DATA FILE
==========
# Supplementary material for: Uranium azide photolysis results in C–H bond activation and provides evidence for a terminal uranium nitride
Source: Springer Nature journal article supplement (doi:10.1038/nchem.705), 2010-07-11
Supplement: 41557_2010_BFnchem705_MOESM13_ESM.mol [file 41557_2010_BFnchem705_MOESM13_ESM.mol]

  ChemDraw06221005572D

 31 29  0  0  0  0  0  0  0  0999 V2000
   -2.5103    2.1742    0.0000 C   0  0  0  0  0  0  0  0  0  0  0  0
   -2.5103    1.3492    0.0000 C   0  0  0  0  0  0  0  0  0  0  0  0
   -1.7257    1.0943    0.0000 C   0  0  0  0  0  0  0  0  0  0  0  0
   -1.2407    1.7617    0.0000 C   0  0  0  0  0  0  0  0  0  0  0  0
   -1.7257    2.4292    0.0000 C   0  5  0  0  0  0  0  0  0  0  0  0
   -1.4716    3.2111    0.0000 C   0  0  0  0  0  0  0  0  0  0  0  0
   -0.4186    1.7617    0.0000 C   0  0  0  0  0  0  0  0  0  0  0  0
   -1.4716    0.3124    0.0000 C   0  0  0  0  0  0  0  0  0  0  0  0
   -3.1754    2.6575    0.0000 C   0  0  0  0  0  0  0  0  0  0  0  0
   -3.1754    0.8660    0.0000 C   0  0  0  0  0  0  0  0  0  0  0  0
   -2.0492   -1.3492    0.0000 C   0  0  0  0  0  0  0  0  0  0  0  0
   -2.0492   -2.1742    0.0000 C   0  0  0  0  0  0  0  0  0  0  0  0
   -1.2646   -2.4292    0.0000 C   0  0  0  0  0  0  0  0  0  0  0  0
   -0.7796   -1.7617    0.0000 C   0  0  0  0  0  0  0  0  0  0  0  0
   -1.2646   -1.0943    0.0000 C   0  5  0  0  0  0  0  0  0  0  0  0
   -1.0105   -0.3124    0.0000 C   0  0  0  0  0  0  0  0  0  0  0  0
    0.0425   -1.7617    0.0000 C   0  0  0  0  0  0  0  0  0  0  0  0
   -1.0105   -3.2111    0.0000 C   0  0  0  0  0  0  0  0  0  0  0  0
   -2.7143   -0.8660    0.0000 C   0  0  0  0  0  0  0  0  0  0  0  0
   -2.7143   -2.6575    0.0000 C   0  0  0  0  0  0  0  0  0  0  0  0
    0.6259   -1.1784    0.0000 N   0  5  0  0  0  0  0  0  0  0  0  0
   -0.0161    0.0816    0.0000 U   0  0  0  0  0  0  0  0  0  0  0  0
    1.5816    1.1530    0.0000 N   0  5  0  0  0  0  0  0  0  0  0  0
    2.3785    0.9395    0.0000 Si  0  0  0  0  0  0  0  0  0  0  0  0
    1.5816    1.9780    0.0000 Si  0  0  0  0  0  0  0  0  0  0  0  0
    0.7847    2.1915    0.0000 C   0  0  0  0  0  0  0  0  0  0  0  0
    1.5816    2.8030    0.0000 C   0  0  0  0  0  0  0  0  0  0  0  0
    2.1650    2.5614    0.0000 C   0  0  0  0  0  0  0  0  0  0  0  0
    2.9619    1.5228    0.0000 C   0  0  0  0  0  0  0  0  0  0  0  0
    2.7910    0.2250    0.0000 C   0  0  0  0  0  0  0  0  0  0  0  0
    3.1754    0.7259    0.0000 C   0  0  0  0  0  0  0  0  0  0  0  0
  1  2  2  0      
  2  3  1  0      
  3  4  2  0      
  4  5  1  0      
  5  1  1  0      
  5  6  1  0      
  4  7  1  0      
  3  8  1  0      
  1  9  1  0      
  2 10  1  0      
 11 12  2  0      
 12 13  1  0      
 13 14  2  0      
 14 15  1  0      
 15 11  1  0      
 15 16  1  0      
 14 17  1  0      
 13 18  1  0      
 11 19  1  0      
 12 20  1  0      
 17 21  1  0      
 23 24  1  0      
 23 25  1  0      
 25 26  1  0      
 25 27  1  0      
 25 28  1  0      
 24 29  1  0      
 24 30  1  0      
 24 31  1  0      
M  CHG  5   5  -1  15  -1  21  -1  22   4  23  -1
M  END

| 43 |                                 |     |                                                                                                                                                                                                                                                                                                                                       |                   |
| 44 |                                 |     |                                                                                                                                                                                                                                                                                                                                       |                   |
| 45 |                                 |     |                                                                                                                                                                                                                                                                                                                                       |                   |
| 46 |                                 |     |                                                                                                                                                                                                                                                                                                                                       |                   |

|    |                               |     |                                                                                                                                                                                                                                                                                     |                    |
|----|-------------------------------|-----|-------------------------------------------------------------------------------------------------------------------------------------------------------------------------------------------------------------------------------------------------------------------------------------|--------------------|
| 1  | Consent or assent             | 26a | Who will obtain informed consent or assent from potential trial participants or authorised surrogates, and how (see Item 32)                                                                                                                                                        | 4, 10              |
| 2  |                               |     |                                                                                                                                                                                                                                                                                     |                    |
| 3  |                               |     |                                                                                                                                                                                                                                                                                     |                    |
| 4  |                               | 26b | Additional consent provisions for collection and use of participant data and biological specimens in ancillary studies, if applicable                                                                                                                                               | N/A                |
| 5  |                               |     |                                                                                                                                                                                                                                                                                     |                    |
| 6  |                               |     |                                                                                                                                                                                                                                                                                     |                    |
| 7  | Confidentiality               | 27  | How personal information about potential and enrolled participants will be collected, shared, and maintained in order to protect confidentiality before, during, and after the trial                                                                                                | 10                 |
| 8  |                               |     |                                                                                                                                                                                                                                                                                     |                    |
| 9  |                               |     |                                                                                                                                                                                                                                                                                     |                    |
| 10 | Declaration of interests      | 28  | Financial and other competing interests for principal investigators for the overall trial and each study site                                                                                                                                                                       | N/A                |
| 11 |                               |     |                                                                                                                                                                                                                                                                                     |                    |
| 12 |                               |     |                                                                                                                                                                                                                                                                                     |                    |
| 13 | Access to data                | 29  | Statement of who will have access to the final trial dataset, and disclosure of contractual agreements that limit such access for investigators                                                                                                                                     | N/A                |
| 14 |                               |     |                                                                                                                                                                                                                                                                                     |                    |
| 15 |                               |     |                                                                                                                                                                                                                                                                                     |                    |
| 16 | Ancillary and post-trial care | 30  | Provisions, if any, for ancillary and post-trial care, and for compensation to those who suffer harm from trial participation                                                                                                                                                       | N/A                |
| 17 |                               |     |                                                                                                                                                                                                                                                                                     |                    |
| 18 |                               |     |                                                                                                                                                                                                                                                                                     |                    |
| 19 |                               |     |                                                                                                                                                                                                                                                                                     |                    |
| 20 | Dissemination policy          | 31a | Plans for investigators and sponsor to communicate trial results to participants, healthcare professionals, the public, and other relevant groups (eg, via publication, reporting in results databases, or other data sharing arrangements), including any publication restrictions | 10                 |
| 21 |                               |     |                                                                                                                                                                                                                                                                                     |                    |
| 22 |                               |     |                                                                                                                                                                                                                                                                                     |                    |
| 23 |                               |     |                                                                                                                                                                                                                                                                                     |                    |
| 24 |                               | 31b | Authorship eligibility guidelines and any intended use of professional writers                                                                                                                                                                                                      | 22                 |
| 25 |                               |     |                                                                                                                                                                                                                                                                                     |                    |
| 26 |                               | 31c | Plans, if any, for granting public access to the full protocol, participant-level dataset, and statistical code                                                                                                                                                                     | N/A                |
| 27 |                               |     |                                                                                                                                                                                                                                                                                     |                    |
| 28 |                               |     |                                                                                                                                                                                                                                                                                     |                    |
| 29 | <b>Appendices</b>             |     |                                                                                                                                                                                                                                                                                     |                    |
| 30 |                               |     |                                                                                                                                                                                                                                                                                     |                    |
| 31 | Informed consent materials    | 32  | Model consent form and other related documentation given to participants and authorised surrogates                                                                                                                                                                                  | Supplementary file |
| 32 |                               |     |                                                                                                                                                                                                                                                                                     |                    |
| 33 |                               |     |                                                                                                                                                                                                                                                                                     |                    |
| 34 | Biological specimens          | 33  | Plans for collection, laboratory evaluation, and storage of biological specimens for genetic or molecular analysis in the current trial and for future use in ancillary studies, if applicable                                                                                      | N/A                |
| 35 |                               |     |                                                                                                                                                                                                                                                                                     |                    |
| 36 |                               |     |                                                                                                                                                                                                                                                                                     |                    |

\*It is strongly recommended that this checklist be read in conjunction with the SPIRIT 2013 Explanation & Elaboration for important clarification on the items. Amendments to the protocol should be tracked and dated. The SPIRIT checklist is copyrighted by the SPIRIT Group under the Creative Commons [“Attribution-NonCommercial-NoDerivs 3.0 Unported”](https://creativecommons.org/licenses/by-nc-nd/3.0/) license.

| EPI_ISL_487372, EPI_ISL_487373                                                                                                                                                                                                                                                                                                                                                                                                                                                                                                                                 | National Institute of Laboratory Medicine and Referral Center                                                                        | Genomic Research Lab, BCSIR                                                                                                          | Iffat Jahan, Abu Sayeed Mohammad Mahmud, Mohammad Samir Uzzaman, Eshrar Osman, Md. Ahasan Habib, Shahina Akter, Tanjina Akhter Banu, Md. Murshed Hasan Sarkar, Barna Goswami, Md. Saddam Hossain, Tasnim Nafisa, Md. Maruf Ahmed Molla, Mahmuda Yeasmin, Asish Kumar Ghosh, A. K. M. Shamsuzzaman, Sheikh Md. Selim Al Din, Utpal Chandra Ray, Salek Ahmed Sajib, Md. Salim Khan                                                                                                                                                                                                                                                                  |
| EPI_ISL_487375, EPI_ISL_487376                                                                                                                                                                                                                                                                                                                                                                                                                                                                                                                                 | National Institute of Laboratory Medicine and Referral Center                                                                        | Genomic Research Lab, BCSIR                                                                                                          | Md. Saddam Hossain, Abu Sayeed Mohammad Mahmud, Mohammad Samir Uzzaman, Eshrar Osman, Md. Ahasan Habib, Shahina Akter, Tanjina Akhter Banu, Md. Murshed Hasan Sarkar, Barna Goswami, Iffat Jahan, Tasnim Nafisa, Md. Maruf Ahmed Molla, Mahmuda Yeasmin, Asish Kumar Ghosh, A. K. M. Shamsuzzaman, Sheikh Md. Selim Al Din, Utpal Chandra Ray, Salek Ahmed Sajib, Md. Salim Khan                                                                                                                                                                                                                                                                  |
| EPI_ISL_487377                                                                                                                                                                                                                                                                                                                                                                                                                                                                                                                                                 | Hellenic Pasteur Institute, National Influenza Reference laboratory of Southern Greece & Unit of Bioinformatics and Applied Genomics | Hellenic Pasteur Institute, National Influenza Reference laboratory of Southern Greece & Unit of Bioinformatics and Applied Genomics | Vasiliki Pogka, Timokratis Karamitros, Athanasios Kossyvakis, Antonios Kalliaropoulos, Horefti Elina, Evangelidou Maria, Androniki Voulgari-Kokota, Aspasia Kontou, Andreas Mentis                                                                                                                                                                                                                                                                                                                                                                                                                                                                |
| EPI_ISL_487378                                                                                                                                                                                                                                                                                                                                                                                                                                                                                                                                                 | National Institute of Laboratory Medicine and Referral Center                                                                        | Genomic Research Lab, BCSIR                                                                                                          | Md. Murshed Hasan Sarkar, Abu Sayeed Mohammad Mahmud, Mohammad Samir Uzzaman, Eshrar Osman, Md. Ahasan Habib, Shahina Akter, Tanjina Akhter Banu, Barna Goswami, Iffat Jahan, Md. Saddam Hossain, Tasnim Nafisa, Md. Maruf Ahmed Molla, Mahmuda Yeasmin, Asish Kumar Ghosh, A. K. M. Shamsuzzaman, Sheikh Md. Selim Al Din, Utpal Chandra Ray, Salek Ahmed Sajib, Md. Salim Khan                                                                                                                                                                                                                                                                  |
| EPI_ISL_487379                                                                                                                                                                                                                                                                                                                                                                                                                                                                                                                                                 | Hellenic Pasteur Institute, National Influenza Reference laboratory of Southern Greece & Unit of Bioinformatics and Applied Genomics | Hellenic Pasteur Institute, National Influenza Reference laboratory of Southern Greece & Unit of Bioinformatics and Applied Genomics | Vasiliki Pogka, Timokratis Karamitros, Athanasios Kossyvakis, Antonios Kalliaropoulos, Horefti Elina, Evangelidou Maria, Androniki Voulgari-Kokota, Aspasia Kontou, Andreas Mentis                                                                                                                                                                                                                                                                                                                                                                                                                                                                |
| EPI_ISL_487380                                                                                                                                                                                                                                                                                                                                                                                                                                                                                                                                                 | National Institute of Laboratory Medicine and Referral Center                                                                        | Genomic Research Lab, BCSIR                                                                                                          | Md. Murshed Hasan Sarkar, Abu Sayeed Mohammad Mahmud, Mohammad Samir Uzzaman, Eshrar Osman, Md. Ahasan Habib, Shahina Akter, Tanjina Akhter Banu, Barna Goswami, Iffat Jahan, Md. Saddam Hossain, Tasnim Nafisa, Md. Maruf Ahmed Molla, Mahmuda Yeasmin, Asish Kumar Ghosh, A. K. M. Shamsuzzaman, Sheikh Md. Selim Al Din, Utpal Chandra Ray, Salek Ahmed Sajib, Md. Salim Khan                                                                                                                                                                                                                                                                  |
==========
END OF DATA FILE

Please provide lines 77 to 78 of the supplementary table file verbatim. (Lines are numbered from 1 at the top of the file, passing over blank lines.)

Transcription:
| 4  |                               | 26b | Additional consent provisions for collection and use of participant data and biological specimens in ancillary studies, if applicable                                                                                                                                               | N/A                |
| 5  |                               |     |                                                                                                                                                                                                                                                                                     |                    |